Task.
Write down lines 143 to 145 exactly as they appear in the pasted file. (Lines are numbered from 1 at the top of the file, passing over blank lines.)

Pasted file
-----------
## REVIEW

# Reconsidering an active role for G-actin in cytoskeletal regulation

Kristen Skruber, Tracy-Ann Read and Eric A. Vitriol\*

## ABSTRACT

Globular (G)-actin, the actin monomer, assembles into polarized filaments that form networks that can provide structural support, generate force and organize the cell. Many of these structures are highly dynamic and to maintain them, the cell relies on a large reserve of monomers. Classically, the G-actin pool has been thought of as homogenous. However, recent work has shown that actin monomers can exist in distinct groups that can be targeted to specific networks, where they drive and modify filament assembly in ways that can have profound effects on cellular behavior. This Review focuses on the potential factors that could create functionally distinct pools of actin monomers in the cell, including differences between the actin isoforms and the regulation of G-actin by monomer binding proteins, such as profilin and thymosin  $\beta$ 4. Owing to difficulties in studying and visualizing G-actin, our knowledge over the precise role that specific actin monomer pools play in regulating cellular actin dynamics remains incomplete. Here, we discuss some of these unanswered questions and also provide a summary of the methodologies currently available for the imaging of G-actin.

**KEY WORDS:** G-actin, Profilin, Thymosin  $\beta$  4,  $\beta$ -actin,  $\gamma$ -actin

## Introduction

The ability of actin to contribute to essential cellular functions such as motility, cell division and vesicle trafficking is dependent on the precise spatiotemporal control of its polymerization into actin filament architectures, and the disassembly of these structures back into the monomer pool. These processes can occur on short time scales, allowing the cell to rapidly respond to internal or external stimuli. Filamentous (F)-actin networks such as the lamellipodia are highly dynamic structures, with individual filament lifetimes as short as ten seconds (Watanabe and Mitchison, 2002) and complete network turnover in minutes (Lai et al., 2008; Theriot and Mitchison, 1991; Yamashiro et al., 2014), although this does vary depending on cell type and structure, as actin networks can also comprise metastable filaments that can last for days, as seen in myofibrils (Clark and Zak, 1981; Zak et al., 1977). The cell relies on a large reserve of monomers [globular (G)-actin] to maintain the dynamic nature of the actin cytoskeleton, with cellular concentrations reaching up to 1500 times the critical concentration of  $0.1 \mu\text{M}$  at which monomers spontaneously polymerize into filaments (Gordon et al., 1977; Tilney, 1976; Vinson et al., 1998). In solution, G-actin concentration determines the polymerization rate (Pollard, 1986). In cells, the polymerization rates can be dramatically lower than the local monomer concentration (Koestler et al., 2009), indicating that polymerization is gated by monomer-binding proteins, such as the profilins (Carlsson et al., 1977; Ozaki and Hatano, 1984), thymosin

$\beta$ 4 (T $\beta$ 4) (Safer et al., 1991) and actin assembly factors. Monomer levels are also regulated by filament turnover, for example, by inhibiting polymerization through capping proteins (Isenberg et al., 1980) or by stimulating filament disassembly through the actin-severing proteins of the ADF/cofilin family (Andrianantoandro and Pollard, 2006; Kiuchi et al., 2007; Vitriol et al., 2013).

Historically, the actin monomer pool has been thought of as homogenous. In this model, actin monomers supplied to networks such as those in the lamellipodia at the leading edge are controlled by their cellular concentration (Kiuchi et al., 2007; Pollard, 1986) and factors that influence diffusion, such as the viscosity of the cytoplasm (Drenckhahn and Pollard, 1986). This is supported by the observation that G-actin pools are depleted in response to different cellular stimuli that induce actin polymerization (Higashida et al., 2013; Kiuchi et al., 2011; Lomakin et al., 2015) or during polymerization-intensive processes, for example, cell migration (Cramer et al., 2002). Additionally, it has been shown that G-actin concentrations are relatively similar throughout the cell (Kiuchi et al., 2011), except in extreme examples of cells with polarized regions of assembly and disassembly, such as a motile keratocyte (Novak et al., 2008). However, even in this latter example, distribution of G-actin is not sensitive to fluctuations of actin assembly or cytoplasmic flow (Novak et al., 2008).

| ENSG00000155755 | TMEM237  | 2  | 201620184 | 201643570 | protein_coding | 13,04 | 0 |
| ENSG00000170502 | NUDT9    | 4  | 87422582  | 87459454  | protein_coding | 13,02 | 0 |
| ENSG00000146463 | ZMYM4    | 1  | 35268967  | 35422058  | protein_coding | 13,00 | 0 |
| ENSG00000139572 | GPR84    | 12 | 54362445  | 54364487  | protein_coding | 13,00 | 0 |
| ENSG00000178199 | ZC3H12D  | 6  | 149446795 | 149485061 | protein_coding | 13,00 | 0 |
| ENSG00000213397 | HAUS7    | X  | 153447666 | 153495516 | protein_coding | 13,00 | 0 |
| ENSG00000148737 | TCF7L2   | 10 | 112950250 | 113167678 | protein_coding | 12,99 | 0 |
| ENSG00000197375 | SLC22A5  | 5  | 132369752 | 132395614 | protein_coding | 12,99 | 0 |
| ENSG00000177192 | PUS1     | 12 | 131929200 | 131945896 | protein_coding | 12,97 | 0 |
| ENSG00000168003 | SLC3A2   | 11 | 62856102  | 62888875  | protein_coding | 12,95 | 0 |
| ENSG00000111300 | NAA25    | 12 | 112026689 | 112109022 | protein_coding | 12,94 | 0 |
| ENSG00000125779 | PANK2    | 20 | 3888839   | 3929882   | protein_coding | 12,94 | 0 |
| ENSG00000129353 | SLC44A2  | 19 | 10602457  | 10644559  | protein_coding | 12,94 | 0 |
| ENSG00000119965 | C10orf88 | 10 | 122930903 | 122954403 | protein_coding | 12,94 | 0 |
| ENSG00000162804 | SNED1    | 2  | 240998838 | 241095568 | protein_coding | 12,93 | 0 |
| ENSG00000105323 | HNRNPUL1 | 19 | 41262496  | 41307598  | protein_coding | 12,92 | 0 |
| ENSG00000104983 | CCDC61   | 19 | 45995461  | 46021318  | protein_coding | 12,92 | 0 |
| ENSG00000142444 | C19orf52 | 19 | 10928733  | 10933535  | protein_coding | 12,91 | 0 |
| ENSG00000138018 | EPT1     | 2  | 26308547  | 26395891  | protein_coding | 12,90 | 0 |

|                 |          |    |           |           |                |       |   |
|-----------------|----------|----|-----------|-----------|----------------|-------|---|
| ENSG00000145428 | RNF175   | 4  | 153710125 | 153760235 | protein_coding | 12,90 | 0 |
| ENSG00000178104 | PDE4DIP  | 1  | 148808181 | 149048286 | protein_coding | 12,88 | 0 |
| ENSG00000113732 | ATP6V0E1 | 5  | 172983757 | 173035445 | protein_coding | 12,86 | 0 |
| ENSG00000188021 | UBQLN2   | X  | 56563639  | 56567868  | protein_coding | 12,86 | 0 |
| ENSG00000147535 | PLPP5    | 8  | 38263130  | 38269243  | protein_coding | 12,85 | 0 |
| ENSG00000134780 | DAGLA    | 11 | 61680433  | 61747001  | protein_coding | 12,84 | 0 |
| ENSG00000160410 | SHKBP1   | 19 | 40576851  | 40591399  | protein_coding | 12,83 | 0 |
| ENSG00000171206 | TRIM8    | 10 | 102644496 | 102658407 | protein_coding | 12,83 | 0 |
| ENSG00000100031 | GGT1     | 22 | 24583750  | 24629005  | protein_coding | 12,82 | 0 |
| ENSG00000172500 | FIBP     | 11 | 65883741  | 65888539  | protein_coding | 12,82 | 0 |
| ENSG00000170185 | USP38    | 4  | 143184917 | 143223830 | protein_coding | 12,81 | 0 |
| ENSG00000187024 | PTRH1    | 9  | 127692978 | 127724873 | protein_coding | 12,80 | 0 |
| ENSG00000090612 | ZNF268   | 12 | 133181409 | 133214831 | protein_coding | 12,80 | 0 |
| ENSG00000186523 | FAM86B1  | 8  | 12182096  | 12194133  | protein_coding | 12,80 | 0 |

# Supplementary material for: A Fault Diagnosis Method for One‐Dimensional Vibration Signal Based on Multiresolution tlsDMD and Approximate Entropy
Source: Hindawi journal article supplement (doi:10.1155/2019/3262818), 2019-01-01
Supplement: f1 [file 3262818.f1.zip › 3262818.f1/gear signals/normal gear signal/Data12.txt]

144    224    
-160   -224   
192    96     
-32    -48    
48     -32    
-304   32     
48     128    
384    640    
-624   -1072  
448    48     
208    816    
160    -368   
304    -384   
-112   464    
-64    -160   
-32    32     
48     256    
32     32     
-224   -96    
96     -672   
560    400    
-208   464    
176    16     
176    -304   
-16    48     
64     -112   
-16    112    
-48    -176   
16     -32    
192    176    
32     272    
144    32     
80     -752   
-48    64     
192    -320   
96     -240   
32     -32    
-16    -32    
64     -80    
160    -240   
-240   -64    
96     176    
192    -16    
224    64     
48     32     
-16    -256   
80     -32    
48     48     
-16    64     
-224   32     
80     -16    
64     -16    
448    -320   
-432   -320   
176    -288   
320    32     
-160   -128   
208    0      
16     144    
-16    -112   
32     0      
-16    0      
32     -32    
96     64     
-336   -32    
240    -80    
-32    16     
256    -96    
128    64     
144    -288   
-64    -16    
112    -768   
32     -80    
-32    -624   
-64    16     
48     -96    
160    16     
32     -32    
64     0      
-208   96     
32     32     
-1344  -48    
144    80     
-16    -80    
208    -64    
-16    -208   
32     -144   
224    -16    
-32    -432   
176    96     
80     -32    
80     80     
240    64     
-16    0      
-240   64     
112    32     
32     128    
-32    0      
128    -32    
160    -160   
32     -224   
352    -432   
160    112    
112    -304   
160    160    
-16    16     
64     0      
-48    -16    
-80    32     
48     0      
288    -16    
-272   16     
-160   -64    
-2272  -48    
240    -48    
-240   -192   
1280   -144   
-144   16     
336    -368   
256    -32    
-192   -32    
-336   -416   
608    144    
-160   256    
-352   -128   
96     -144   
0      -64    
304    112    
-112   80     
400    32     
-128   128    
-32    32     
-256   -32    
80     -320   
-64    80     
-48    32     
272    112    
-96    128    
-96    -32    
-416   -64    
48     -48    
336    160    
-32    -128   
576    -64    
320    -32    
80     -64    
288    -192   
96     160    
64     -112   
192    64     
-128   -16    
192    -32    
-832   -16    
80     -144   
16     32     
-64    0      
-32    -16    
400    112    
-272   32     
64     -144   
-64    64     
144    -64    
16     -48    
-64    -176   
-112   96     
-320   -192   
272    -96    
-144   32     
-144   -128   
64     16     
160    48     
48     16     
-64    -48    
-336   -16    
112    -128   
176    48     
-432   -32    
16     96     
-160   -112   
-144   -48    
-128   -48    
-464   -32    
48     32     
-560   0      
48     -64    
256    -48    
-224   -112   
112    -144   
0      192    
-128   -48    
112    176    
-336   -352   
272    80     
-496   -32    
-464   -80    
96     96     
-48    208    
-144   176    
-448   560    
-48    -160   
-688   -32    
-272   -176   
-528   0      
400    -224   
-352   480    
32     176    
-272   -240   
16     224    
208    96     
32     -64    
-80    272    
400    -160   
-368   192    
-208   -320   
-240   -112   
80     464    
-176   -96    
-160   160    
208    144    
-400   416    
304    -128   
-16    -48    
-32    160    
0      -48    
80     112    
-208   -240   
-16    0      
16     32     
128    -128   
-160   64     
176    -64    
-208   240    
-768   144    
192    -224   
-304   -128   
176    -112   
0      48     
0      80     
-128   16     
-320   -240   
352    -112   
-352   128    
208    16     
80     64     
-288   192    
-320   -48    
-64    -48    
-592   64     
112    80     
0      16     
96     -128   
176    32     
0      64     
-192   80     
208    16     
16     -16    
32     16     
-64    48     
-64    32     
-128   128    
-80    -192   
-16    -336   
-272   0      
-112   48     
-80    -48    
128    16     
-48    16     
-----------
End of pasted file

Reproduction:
-240   64     
112    32     
32     128    